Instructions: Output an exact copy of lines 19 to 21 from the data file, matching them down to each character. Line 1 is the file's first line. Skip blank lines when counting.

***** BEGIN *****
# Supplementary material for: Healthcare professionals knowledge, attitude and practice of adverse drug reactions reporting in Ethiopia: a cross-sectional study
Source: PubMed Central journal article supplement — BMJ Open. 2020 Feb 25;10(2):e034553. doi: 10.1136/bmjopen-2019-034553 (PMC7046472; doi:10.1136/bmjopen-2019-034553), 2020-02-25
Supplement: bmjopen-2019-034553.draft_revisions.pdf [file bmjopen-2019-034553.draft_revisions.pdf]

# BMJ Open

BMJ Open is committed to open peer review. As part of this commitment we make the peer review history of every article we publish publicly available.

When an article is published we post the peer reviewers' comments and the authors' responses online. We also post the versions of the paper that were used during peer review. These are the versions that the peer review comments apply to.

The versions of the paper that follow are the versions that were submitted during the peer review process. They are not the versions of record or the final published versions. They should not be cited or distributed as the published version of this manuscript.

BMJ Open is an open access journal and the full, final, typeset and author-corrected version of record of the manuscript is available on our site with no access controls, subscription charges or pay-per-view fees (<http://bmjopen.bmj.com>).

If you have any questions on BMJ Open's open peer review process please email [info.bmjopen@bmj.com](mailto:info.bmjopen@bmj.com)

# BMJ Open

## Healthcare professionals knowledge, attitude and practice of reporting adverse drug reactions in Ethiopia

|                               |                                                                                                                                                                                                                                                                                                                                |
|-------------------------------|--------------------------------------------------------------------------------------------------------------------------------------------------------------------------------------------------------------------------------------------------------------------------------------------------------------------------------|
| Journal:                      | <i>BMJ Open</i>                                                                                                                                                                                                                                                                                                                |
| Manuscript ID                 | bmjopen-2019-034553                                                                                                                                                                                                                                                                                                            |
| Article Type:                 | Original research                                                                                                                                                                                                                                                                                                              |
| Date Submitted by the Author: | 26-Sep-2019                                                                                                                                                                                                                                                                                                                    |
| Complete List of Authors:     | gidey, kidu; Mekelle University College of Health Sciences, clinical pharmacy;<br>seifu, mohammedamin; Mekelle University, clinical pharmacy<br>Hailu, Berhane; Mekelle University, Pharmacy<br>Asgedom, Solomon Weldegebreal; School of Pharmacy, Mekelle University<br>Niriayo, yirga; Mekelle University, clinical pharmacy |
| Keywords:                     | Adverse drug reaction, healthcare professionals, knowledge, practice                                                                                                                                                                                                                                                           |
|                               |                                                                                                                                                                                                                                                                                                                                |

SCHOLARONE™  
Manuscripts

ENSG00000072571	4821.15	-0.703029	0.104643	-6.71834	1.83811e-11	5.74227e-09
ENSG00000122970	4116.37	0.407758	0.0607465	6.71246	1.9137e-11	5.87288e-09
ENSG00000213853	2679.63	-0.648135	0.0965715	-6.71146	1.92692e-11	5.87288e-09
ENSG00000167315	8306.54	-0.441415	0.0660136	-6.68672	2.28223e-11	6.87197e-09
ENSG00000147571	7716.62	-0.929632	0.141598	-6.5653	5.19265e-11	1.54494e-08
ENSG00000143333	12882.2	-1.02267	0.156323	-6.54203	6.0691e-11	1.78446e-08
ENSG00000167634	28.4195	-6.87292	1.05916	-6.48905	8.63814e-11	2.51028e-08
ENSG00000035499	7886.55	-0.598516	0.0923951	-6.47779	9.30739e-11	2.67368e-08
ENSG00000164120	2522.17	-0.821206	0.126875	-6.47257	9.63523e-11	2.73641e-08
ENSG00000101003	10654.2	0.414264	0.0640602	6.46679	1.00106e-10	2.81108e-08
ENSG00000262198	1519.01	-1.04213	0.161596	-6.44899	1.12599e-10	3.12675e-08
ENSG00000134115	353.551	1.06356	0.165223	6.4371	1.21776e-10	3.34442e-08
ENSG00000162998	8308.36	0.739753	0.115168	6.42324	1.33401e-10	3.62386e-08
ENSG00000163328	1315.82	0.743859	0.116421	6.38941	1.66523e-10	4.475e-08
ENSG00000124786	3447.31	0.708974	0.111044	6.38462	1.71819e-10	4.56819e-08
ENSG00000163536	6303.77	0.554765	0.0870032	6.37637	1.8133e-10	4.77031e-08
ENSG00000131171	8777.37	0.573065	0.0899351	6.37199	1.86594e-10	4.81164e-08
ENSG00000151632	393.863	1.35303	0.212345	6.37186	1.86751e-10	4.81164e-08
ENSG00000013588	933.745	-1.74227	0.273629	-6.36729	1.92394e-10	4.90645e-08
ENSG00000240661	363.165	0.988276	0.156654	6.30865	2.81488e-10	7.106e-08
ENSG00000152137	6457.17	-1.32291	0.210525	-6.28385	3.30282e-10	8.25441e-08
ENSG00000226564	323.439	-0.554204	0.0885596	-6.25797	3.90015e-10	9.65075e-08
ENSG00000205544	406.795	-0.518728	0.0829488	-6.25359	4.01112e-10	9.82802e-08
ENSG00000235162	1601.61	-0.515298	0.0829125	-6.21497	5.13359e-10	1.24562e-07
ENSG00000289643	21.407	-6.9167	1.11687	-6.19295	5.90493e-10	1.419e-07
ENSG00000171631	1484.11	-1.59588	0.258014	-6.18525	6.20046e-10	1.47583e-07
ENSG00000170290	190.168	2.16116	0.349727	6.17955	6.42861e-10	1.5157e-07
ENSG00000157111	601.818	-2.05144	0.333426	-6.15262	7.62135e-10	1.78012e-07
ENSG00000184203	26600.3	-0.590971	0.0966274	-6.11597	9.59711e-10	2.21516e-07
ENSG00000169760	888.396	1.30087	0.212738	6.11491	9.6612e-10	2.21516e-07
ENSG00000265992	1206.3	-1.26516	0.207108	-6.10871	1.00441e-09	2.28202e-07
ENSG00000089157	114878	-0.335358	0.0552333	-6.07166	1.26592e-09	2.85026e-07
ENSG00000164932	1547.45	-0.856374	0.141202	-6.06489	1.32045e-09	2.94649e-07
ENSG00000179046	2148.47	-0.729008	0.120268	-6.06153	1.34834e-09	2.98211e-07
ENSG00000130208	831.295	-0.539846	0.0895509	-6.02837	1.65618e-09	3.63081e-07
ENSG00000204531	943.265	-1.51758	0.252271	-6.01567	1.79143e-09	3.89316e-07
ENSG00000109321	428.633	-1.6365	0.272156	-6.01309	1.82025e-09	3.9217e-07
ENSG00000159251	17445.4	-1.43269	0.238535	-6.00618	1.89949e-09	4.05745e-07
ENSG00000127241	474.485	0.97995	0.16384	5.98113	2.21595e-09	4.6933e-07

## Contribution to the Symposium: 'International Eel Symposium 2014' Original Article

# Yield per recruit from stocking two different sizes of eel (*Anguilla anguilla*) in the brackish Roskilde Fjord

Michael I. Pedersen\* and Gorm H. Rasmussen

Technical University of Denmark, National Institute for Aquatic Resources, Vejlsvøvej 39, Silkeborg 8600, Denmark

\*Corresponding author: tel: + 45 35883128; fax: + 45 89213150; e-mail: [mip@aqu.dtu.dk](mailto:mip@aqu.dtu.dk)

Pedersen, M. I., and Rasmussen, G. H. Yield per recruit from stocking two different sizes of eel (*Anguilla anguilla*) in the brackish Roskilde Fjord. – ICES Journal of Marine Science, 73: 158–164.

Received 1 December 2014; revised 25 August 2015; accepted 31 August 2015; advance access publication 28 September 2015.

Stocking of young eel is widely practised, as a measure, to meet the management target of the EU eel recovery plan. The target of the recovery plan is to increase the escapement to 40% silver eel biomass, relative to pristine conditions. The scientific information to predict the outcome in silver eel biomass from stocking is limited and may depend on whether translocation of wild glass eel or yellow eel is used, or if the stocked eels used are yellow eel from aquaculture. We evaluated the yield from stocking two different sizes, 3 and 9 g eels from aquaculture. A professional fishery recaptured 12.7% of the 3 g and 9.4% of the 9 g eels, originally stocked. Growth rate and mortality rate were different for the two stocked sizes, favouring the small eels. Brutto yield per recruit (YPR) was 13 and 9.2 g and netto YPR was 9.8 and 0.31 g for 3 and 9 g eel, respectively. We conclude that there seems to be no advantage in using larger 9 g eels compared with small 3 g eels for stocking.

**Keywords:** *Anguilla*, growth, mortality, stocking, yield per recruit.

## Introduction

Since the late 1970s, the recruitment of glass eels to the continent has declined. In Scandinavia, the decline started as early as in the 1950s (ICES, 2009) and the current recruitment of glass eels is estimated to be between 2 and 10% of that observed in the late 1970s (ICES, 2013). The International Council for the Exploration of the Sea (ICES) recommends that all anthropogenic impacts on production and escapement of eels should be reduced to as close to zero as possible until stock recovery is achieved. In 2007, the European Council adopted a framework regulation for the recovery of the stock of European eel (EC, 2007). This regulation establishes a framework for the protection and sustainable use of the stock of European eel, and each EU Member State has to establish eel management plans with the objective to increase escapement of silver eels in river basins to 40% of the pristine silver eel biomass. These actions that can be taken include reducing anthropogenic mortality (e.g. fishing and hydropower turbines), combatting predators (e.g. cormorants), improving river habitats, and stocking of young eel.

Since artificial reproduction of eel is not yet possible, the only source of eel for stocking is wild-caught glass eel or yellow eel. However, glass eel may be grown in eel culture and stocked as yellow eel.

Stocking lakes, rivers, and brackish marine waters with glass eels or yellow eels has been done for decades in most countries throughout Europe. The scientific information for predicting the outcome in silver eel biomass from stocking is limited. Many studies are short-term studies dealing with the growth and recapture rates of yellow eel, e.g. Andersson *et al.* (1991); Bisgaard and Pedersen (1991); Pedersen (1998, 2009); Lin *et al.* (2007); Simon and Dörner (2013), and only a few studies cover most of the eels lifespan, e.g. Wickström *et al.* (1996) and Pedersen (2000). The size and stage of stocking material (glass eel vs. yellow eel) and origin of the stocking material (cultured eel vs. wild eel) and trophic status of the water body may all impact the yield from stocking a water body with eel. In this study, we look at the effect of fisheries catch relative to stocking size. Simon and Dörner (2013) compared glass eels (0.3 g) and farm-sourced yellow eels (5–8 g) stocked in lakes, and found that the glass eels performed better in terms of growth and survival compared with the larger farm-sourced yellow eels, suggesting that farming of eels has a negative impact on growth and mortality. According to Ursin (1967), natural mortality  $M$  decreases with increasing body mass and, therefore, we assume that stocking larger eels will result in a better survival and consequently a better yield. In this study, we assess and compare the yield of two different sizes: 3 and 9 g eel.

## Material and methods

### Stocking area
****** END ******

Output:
| Keywords:                     | Adverse drug reaction, healthcare professionals, knowledge, practice                                                                                                                                                                                                                                                           |
|                               |                                                                                                                                                                                                                                                                                                                                |

SCHOLARONE™  